In the central distance of this image glows an open water gate in the protective flood wall erected around the agricultural island of Sant'Erasmo after the catastrophic flooding of 1966 inundated its fields with salt water, rendering the land sterile for a number of years afterwards. I've written a brief account of this before, but came upon this image again and wanted to do away with the crop I used before, and lighten the image to better show the canal's stillness and reflections. This was part of our regular boat route to the family farm where we bought our produce whenever we could, and a reminder of all the life in the lagoon that subsists still beyond the ruin visited upon Venice by Mayor Luigi Brugnaro and an administration (the latest in a long line of them) addicted to the supposedly easy money of tourism. It still amazes me that New York City has been able to implement strict regulations on AirBnB, while Brugnaro and his ilk pretend that nothing can be done in Venice to remedy the conversion of property that once housed residents into tourist accommodations, a great many of which are owned by just a few speculators. For all of its indifferent power, Nature is nowhere near as destructive as conscienceless men like Brugnaro.

Wednesday, February 28, 2024

3 Scenes of A Short Sweet Life on the Grand Canal (Snow in Venice)

28 February 2018: These are shots of what I believe was the last snowfall we had in Venice until the time we left in August of 2021. When we first moved to the city in 2010 we tended to get one snowfall with some accumulation each winter, but I think we had none for the last 3 years after this day pictured--and you can see the accumulation was minimal at that. (Gee, if only there were some hypothesis about why temperatures have risen and extreme weather events are becoming ever more common, then humankind would certainly do something about it.) In any case, the small snow man above perished not from warming temperatures but from a fall into the Grand Canal from his perch when the wind came up: ashes to ashes, dust to dust, water to water, in this case. But he seemed to enjoy the view for as long as he had it.




 

Saturday, February 24, 2024

Fortuna In the Pink Light of Morning

24 February 2014 (I posted this 10 years ago when I took the photo, but in a version that was too dark)

 

Monday, February 12, 2024

Through A (Plexi)Glass, Darkly

12 February 2014

I'd forgotten entirely about the above image, taken from the twin pontile of the one you see in the right corner of the image, while I waited for the #1 line vaporetto to take me in the direction of the Lido. (You can see a bit of a reflection from the glass through which I took it on the center of the bridge and other places.)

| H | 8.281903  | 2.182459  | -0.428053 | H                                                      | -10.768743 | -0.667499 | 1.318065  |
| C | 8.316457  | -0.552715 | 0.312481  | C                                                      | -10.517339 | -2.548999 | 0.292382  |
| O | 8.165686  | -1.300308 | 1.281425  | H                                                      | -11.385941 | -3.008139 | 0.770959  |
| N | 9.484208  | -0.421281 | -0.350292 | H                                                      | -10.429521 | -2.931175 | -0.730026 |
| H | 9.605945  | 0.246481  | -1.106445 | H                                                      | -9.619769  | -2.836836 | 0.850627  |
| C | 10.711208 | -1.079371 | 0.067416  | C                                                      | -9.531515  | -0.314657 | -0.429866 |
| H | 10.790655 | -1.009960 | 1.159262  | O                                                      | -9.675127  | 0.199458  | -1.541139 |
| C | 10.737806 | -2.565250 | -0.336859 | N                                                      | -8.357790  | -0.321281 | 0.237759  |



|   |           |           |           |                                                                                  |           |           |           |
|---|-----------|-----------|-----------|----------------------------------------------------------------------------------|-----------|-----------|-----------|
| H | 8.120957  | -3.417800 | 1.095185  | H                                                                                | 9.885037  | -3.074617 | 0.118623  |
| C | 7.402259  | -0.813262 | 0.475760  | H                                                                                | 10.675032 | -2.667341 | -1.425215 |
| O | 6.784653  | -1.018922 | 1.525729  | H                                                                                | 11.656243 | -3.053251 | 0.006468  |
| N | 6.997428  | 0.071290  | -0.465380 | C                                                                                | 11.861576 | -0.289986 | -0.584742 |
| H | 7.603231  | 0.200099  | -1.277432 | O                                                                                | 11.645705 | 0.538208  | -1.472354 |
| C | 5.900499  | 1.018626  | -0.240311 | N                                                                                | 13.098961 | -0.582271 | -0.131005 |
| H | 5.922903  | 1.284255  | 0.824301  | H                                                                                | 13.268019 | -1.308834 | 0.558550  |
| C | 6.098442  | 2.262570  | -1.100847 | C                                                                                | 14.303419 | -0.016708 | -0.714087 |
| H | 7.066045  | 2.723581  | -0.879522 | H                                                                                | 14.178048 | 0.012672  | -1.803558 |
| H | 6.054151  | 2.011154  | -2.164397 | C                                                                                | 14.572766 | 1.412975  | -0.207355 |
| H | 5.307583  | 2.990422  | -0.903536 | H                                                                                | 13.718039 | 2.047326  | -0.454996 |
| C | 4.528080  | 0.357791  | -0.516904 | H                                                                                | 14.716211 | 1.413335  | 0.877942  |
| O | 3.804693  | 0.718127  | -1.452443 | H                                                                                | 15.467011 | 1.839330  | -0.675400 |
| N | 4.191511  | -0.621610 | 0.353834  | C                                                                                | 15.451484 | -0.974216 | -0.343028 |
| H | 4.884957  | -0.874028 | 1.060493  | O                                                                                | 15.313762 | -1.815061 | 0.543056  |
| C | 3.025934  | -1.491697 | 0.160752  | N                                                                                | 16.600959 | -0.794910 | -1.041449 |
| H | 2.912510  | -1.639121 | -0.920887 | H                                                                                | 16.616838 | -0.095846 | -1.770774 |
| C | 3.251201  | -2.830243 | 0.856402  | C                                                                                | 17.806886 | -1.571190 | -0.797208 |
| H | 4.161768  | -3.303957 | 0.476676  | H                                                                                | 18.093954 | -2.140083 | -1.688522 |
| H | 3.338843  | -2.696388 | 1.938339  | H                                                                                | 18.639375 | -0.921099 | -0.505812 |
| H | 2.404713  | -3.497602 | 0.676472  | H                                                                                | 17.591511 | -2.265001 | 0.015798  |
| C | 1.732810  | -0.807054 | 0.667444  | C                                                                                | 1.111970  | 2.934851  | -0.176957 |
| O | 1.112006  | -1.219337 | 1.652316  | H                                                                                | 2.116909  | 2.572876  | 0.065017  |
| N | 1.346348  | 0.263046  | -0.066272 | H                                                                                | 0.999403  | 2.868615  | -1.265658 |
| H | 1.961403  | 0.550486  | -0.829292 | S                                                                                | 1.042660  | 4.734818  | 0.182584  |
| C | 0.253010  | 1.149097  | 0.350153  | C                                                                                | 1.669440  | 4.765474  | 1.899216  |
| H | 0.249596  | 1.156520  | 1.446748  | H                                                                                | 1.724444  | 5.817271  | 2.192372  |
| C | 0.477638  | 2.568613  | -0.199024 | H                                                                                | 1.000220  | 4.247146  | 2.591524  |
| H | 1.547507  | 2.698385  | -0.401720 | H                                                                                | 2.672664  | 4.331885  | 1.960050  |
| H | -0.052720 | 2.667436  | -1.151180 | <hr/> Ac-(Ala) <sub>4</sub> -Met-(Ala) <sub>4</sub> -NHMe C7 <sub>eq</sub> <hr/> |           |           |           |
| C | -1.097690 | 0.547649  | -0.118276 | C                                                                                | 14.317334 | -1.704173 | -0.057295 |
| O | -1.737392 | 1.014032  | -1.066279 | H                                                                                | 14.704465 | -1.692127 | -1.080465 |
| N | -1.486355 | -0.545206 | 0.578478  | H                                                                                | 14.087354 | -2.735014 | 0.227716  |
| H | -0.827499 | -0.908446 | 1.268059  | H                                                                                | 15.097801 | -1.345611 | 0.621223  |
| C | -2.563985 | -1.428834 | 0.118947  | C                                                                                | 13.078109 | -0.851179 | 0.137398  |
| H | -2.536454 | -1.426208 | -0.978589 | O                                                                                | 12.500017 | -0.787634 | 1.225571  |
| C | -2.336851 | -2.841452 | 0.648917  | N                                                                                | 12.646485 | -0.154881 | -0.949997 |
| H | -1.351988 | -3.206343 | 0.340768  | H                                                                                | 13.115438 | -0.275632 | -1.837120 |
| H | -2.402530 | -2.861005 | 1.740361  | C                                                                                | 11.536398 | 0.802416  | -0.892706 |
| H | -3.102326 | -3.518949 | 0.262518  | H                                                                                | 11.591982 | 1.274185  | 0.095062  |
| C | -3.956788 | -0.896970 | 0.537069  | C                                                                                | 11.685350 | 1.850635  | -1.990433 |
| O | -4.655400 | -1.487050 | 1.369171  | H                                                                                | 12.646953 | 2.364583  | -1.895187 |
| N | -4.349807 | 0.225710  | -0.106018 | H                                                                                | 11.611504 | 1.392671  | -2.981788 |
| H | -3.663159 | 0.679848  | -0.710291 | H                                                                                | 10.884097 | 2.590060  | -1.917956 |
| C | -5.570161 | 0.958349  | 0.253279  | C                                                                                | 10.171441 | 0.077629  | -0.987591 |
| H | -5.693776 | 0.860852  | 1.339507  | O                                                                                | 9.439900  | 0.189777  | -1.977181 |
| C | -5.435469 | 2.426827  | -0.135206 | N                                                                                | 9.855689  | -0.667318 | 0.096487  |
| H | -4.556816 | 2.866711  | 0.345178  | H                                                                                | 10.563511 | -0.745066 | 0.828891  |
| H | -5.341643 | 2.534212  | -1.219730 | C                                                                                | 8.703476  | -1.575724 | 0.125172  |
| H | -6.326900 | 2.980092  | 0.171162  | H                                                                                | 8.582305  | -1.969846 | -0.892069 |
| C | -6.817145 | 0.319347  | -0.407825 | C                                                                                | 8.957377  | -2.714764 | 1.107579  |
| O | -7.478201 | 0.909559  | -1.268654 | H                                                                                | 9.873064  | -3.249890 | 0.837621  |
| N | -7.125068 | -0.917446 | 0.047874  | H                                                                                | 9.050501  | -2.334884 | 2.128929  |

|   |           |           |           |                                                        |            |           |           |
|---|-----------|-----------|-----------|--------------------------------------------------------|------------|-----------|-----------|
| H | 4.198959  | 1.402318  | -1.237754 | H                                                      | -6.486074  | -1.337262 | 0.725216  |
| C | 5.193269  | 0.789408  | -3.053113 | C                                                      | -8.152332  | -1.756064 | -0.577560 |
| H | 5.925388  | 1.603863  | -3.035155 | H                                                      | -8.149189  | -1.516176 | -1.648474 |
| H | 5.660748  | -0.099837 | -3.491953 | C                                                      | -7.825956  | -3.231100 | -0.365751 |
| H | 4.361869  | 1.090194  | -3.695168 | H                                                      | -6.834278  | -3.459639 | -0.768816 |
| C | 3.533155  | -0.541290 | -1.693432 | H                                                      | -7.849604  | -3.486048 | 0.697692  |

I never seem to have the time to describe the sense of, for lack of a better word, domesticity, that one eventually comes to feel after living in Venice for a long time. Constructed as it has been over many centuries, with not an inch that was not formed by human hands, everywhere one goes in the city eventually begins to feel lived-in, like a home. But a home with an infinite number of details to discover, tones and traces of innumerable lives not one's own, and nothing like one's own, as well as those still managing somehow to make their lives there, in spite of a mayor and a broader social and economic context that can see Venice and its lagoon only in terms of quick profits and resources to be exploited unto literal collapse.

But this image brings that all back to me, and some time in the future I might get around to writing more about that, and how it extends even out into the lagoon, if one has one's own boat. 

Contrary to the age-old banalities spewed by foreign visitors about Venice being a city of melancholy and death, to live in Venice, and to raise a child there, is to be struck by the unique kind of life possible in the city and the lagoon--life like no place else on earth. I wish more people, and more children, could experience it, before it is obliterated. Only if more people were actually resident there might it stand a chance to avoid obliteration.


Tuesday, February 6, 2024

Remembrance of Carnevale Past, Ca' Giustinian

Interior of Ca' Giustinian decorated for children's activities held there during the Carnevale season of 2013. Now the site of Venice Biennale administrative offices, it was formerly the Hotel Europa, whose guests included Marcel Proust, Verdi, Chateaubriand, Wagner, and George Eliot, whose new husband threw himself from one of its windows and into the Grand Canal during their honeymoon there. He survived this suicide attempt and would live for another 40 years but, sadly, Eliot did not fare so well; she died a few months later in England in December 1880. (7 February 2013)